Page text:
If you haven’t had a chance to flick through this fortnight’s edition of The Fountain newsletter, why not fix yourself a hot cuppa and take a moment to read through our Counsellors’ latest article, included below.
To follow our Counsellors’ Blog, please visit the following link on our website: https://www.smc.tas.edu.au/counsellors-blog/
We have all been bombarded with communication surrounding the Coronavirus, and information regarding making preparations to manage the epidemic, but very little of this has emphasised the importance of self-care. What kind of toll has the Coronavirus chaos taken on your self-care practices? Are you feeling stressed, run-down, or overwhelmed? This may be an indication that you need to re-prioritise your self-care.
Some of us may have existing self-care routines that we have temporarily forgotten or pushed to the side, whilst some of us may not be familiar with self-care (and the importance of establishing regular self-care habits). We hope that this article provides a reminder for how important it is to re-prioritise self-care during this challenging time.
Self-care is a behaviour, designed to improve our wellbeing by reducing stress and restoring health. Self-care looks different for everyone – what might be a good self-care routine for me may not be a good fit for you. Here are some tips on where to start. This information has been adapted from the following website, www.psychologytoday.com/.
Sleep can have a huge effect on how you feel both emotionally and physically. Not getting enough sleep can even cause major health issues. But stress and other distractions can wreak havoc on our sleep. Making changes to our nightly routines can help to improve our sleep (e.g. don’t eat or drink foods with caffeine or sugar before bed as these will keep you awake, exercise during the day to earn your sleep, take time to relax before bedtime, remove technological distractions from your bedroom, and ensure that your room is dark for early morning sleep).
Your gut health can have a significant impact on your health, well-being, and feelings of vitality. The types of foods you eat crucially impact the bacteria that live in your stomach, resulting in a cascade of either positive or negative outcomes. Eating healthily will promote good brain functioning, including short-term memory. It will help us to avoid weight gain, and we are also more likely to maintain a positive mood (e.g. we won’t be ‘hangry’).
We all know exercise is good for us, but do we really know how good it is? Daily exercise can help you both physically and mentally, boosting your mood and reducing stress and anxiety, not to mention helping you shed extra weight.
Of course, it might be hard to go to the gym every day, so try to incorporate other exercises, such as walking, tennis, or yoga, which you may be able to fit into your schedule more easily. The most important thing is to create a routine that works for you.
4. Saying NO, so that you can say YES to self-care
Learning to say no is really hard; many of us feel obligated to say yes when someone asks for our time or energy. However, if you’re already stressed or overworked, saying yes to loved ones or co-workers can lead to burnout, anxiety, and irritability. It may take a little practice, but once you learn how to politely say no, you’ll start to feel more empowered, and you’ll have more time for your self-care.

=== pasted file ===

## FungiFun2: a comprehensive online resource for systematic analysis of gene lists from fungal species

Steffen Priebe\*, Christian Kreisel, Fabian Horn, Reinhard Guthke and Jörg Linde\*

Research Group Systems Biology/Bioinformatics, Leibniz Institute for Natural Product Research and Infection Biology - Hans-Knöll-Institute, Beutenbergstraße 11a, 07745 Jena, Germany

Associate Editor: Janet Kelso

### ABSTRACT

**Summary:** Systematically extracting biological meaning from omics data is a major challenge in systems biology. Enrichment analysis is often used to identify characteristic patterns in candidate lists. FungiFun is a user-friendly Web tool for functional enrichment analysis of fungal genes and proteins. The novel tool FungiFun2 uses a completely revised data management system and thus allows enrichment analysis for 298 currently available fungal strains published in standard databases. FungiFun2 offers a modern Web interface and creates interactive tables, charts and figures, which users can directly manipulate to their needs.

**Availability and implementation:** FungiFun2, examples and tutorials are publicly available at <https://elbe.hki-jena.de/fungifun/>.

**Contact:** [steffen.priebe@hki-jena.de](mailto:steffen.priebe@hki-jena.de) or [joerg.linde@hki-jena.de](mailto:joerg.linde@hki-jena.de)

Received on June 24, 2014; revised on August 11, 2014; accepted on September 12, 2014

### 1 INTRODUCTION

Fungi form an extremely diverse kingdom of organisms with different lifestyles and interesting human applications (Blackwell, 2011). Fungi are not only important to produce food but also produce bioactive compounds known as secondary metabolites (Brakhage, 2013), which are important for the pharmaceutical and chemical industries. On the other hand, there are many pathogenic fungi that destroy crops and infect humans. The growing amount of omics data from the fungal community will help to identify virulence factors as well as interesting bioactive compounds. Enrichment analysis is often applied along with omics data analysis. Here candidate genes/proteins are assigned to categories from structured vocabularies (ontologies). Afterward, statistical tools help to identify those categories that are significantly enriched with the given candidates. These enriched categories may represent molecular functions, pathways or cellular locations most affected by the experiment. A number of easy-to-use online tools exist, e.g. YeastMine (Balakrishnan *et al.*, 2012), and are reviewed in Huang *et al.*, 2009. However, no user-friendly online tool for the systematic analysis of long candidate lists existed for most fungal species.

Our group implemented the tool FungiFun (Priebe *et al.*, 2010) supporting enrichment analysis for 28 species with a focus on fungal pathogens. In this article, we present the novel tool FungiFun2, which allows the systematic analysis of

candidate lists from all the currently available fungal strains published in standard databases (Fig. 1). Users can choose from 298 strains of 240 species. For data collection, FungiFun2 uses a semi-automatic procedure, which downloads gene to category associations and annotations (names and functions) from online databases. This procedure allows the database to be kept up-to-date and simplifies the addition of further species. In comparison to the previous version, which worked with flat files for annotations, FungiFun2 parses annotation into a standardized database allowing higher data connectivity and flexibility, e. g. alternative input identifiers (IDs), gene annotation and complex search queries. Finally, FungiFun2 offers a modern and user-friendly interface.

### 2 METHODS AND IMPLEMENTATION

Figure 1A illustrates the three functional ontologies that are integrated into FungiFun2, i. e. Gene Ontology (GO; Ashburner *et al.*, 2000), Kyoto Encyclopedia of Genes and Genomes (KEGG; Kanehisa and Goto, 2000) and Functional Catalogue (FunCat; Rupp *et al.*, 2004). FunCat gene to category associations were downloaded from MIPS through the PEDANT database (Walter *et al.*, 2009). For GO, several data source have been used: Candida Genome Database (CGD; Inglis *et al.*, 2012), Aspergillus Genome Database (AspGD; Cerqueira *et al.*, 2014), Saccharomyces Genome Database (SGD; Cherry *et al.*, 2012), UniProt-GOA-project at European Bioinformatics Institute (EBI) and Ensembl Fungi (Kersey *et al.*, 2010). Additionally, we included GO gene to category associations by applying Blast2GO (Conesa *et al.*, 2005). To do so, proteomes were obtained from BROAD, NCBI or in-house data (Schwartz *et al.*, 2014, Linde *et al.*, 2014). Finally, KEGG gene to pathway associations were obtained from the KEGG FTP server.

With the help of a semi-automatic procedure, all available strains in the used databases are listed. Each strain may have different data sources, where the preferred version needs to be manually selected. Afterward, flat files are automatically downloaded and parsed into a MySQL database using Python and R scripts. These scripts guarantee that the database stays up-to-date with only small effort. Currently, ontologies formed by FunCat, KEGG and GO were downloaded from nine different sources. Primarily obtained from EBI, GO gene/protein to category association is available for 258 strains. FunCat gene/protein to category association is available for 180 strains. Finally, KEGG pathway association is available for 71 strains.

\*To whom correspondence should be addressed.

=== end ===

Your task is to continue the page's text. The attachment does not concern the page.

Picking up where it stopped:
5. Self-care getaways
Taking a self-care trip can make a huge difference in your life. Even if you’re not feeling particularly stressed, getting away for a weekend every now and then can help you disconnect, relax, and be rejuvenated. These self-care trips don’t have to be costly; simply drive to a different part of the state and see the sights, or go camping nearby. The goal is to veer away from your normal schedule and take the time to do something just for yourself. And you can still follow social distancing whilst doing these – get creative!
6. Get outside
Spending time outside can help you reduce stress, lower your blood pressure, and be more mindful. Studies have even shown that getting outside can help reduce fatigue, making it a great way to overcome symptoms of depression or burnout. Getting outside can also help you sleep better at night, especially if you do some physical activity, like hiking or walking, while you are outside.
7. Get organised
Getting organised is often the first step to becoming a healthier you because it allows you to figure out exactly what you need to do to take better care of yourself. A small change, like keeping a planner or a calendar on the fridge, can help you write down all your responsibilities and appointments, while at the same time keeping your life a bit more organised. This can help you to prioritise self-care.
8. Schedule your self-care time (and guard that time)
It can be hard for us all to find extra time. But it’s extremely important to plan regular self-care time. Get in touch with what works best for your self-care, and schedule it regularly. Whether you decide you want to go for a long walk, take a hot bath, or enjoy a good movie with friends, taking self-care time is imperative. Look for small ways you can incorporate it into everyday life; for example, you might wake up 15 minutes earlier to sit with a cup of tea and practice deep breathing before the chaos of the day begins, or you might take a walk around the block on your lunch break. The more you can work self-care time into your schedule, the better you’ll be able to grow, enjoy your life, and thrive.
Gai Bath (Kinder–Year 6) and Jane Sutcliffe (Year 7–12)